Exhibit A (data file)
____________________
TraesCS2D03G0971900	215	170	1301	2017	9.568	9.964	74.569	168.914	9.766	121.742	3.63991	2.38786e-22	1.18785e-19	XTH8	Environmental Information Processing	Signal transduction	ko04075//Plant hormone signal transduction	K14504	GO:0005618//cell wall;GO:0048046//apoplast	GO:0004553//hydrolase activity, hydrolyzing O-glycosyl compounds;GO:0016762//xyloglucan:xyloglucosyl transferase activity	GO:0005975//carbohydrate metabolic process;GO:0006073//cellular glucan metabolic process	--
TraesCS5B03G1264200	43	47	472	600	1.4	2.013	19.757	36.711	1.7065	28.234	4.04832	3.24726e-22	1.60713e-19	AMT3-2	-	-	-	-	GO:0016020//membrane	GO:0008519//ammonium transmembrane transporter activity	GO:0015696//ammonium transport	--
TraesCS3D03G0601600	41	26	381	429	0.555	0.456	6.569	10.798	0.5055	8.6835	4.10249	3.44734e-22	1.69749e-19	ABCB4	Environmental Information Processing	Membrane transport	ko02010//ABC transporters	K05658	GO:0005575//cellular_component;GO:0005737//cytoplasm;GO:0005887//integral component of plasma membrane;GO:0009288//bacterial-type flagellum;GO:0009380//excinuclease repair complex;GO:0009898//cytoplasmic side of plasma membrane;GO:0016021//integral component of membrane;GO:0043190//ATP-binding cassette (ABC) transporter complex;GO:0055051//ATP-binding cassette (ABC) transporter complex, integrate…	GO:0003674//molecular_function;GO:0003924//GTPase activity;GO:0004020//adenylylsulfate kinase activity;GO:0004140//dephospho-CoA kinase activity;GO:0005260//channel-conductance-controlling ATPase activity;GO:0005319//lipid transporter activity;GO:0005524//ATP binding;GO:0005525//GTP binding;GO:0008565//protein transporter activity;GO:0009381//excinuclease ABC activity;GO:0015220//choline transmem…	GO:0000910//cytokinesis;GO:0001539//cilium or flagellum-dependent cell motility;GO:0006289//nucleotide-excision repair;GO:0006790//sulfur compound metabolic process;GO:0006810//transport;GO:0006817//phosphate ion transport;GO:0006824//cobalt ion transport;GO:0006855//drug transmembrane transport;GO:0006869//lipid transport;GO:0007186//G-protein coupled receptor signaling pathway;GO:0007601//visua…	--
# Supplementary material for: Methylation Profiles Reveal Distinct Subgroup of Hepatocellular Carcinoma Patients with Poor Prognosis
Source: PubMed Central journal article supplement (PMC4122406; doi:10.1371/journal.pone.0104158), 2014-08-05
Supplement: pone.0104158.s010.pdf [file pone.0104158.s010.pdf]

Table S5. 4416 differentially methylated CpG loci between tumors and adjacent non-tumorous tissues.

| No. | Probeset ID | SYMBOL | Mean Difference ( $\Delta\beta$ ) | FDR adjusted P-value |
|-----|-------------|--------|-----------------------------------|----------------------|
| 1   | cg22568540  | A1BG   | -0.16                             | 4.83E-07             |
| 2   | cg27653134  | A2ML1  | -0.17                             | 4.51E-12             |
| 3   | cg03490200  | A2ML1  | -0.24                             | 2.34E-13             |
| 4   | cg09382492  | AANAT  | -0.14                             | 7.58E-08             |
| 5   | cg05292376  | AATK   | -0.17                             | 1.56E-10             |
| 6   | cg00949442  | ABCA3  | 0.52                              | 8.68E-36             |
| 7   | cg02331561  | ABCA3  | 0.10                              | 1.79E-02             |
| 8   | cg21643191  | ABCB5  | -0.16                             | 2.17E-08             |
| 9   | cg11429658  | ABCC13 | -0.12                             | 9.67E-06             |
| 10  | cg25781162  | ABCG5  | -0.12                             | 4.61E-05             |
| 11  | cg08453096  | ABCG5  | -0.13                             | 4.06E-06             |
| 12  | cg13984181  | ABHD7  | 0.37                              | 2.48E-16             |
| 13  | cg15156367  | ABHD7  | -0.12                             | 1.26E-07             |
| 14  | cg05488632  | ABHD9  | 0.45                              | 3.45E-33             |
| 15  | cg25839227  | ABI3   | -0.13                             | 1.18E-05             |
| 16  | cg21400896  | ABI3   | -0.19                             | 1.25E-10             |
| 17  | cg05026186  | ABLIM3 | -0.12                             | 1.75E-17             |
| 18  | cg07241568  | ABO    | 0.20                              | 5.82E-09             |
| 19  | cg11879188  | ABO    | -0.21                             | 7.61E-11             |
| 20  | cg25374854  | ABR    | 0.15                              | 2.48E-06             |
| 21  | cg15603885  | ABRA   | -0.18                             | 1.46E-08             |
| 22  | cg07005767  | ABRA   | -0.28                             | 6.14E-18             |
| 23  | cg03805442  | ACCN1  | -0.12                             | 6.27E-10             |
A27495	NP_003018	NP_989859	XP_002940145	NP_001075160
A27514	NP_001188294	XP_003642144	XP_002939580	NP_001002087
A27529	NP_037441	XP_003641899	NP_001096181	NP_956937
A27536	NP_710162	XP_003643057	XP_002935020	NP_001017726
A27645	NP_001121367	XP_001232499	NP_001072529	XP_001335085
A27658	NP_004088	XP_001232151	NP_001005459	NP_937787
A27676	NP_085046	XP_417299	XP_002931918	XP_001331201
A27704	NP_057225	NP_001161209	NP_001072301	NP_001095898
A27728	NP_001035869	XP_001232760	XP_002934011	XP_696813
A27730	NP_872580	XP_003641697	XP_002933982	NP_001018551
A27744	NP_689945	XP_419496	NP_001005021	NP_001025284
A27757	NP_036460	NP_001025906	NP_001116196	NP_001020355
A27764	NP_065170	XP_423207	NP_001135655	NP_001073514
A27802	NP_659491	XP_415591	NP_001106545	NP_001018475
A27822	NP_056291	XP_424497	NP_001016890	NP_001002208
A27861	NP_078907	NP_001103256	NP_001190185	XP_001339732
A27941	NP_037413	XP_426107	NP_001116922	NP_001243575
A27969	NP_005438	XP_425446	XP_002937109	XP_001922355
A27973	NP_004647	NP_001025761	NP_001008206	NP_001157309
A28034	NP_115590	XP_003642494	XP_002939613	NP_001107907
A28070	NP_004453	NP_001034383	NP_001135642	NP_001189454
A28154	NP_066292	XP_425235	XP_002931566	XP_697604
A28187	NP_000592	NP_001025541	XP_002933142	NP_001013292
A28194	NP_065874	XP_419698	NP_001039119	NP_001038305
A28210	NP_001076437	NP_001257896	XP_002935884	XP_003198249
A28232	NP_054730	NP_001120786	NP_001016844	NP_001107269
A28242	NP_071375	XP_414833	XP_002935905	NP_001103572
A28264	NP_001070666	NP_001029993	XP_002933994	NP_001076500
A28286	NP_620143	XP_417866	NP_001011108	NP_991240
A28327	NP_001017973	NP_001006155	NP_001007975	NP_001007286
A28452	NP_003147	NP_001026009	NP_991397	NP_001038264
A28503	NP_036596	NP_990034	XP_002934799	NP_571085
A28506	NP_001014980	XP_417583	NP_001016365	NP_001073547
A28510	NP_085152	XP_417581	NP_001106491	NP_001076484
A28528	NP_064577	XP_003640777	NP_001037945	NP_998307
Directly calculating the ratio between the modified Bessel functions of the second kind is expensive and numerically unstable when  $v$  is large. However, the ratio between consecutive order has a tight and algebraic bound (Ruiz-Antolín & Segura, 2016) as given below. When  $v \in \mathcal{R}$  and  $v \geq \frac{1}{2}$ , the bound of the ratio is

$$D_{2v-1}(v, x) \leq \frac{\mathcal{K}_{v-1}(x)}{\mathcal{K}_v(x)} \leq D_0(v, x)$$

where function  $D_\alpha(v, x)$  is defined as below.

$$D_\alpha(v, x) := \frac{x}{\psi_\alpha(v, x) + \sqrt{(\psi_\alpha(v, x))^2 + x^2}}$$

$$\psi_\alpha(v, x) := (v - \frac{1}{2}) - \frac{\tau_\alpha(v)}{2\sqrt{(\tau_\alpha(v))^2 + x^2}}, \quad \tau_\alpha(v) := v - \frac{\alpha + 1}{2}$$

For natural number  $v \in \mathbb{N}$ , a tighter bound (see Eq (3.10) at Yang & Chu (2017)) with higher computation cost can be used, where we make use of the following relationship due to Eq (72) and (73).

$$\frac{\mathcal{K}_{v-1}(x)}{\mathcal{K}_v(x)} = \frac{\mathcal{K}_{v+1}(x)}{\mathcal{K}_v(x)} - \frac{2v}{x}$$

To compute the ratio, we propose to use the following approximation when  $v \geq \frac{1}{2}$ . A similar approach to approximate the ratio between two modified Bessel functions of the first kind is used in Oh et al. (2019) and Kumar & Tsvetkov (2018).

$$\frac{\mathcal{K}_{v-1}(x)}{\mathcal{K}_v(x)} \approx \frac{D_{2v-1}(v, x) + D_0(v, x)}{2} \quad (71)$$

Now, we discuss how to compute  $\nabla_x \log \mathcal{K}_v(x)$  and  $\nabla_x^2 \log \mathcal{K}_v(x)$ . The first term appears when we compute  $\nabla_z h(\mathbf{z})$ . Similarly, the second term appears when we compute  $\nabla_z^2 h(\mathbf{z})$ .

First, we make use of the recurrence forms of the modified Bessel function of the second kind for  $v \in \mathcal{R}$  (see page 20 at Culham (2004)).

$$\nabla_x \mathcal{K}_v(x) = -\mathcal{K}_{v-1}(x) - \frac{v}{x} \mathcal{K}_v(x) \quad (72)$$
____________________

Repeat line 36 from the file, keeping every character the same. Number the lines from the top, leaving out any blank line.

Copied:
A27536	NP_710162	XP_003643057	XP_002935020	NP_001017726